I will never forget. The beach cloaked in starlight, white waves glistening and breaking on the shore; the constant, sleepless churning black mass of the sea, its rhythmic roars loud and sonorous. The horizon lost to mortal eyes, no end in sight. There I stood, with waves crashing at my feet, not a thought in my mind, watching, listening, waiting. Time ceased to be. It was humbling and peaceful.
No, I wasn’t sloshed — far from it. But the sea at night is an intoxicating experience. In fact, as I waited for an epiphany at the edge of the sea, at one moment I felt like Tuor seeking Ulmo at the coast of Nevrast*. That night remains an everlasting memory of my first visit to Goa last weekend.
However, that wasn’t the first beach I saw en route to Goa. It was cold at dawn as our car raced along NH-17, me and my mates low on sleep, waiting for the journey to end. As morning broke and the first rays hit the eastern horizon, I caught a whiff of the sea. I knew it was near, the long wait about to end.
On the brink of Karwar, breaking through the thickets, the road bent in a wide arc for a stretch of 50-60 meters. From above, I gazed down a line of palm trees with sand at their feet, the sea outstretched not too far ahead. Two hills flanked the beach, rock pinnacles dotted the water few hundred meters inside. The sky was a riot of pink, orange, and blue. I tried remembering when I had last glimpsed upon the sea but failed. It was a majestic view!
Past Panjim, we reached Mapusa by 10 a.m., and onwards to Siolim, our base camp for the Goa trip. From here we covered Arambol, Velha Goa, Mangeshi Temple, Fort Aguada — its picturesque lighthouse, Dona Paula, the beaches at Miramar, Baga and Calangute, and a ferry ride to Fort Tiracol (Terekhol) within two days. In that time, I realized the sheer scale of foreign tourists all over the place. Strangely, I felt like an outsider in my own country.
Of course, food was a big highlight of the trip. I fell in love with Goan cuisine, especially sea food. So much so that apart from breakfast, every other meal featured something from the sea. I remember two meals very clearly; one was on Arambol’s coast inside a small restaurant overlooking the sea at the stroke of sunset, the other atop Fort Tiracol on a hill between two beaches with an unforgettable view. Best thing I had? Fish curry and rice, Goan style. Simply delicious.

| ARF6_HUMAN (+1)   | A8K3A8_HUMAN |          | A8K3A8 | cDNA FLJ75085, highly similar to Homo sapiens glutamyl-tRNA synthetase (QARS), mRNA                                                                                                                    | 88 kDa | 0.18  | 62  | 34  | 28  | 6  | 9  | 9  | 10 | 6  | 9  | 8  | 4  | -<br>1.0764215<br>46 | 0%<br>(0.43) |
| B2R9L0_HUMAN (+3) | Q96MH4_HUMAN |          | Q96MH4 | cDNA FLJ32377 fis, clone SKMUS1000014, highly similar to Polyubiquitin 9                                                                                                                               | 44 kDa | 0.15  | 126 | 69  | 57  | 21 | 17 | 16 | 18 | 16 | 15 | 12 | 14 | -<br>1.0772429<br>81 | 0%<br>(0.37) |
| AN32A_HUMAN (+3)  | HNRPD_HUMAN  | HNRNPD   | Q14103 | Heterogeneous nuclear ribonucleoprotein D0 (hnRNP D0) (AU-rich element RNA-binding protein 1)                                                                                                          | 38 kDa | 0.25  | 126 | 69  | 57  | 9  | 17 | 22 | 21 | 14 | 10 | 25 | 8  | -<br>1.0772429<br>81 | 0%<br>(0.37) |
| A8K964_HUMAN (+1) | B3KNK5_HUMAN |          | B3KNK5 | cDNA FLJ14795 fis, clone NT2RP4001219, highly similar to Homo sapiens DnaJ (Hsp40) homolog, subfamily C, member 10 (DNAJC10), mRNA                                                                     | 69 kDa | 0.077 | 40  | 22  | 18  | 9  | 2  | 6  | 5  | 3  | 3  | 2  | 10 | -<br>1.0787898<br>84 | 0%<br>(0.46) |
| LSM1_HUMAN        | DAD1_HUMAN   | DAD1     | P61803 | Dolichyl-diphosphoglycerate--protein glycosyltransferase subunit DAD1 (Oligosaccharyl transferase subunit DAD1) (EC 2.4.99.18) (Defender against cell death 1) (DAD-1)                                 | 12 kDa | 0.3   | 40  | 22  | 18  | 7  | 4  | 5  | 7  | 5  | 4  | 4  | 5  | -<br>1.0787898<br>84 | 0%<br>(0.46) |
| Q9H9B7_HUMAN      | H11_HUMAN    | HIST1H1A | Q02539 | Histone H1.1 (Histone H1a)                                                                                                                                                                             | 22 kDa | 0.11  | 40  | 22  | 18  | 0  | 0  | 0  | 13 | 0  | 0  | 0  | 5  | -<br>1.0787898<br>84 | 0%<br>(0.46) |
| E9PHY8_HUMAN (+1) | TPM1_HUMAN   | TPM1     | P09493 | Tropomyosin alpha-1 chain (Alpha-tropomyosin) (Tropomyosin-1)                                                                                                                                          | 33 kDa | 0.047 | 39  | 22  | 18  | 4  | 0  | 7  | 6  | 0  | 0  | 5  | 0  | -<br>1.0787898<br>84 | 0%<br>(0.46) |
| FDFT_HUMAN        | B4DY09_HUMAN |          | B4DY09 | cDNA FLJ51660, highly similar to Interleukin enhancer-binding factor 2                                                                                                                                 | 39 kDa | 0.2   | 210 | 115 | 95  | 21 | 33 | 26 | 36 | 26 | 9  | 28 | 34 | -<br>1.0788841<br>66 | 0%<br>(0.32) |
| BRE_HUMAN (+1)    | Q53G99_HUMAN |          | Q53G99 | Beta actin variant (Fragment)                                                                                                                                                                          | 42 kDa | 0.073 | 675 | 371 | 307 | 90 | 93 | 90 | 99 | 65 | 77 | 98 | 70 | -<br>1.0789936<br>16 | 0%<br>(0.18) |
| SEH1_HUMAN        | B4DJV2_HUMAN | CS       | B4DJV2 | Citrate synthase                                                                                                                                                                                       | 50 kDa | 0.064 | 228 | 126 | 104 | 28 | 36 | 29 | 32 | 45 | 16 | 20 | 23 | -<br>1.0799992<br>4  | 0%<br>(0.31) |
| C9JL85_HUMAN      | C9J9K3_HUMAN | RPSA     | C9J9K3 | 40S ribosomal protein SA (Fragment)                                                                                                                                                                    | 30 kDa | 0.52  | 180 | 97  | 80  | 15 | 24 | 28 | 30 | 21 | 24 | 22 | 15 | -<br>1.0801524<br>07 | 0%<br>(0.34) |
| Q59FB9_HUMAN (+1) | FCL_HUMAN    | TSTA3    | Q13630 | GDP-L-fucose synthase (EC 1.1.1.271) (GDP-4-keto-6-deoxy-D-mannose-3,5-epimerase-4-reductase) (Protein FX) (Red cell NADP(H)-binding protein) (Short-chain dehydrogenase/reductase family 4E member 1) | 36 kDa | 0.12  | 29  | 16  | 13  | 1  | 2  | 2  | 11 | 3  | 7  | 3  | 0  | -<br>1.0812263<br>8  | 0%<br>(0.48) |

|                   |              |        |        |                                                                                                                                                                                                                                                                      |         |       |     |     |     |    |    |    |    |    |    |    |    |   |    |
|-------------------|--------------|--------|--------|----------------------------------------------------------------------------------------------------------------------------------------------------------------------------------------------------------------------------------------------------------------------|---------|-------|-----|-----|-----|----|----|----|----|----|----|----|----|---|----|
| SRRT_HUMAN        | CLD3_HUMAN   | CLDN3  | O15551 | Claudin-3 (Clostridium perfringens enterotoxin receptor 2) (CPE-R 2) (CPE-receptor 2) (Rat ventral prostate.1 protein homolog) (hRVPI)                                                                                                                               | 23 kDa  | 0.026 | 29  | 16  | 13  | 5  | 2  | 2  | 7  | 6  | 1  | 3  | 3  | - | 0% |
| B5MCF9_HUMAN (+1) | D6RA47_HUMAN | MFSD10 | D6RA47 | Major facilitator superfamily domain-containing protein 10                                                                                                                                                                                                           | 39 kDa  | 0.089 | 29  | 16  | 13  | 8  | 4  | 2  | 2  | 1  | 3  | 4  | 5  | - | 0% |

Apart from the sandy coastline, I fondly remember my time inside the Basilica of Bom Jesus and Se Cathedral, two iconic churches in Old Goa. The Basilica’s architecture is alluring, especially its flying buttresses. Inside it holds an elaborate altar that takes the breath away at first sight. The Basilica is renowned all over Christendom for holding the relics and mortal remains of St. Francis Xavier. Do not miss it on your next Goa trip.
Across the road from the Basilica of Bom Jesus sits the Se Cathedral of Santa Catarina, next to the Archaeological Survey of India building. It has a clean white facade and only one of its two tall bell towers. The cathedral is proportionally larger and grander compared to the Basilica, with a high-vaulted ceiling and multitude of side chapels. With less tourists and low voices, I had no problem sitting there for a long time, studying the altar, feeling right at home.
What did I bring back from Goa? A bottle of port wine, several packets of prawn pickle and cashew nuts — the Mapusa market didn’t disappoint. And quite a few fond memories. They’re better than the best photographs. Of course, two days is way too short a time to even scratch the surface of what Goa has to offer. As I hastened back to the real world, I felt torn apart, and finally understood people’s fascination with Goa. Sun, sand, relaxation — who wouldn’t wanna go back?
* Tolkien illiterates, click here.
Originally published: January 22, 2011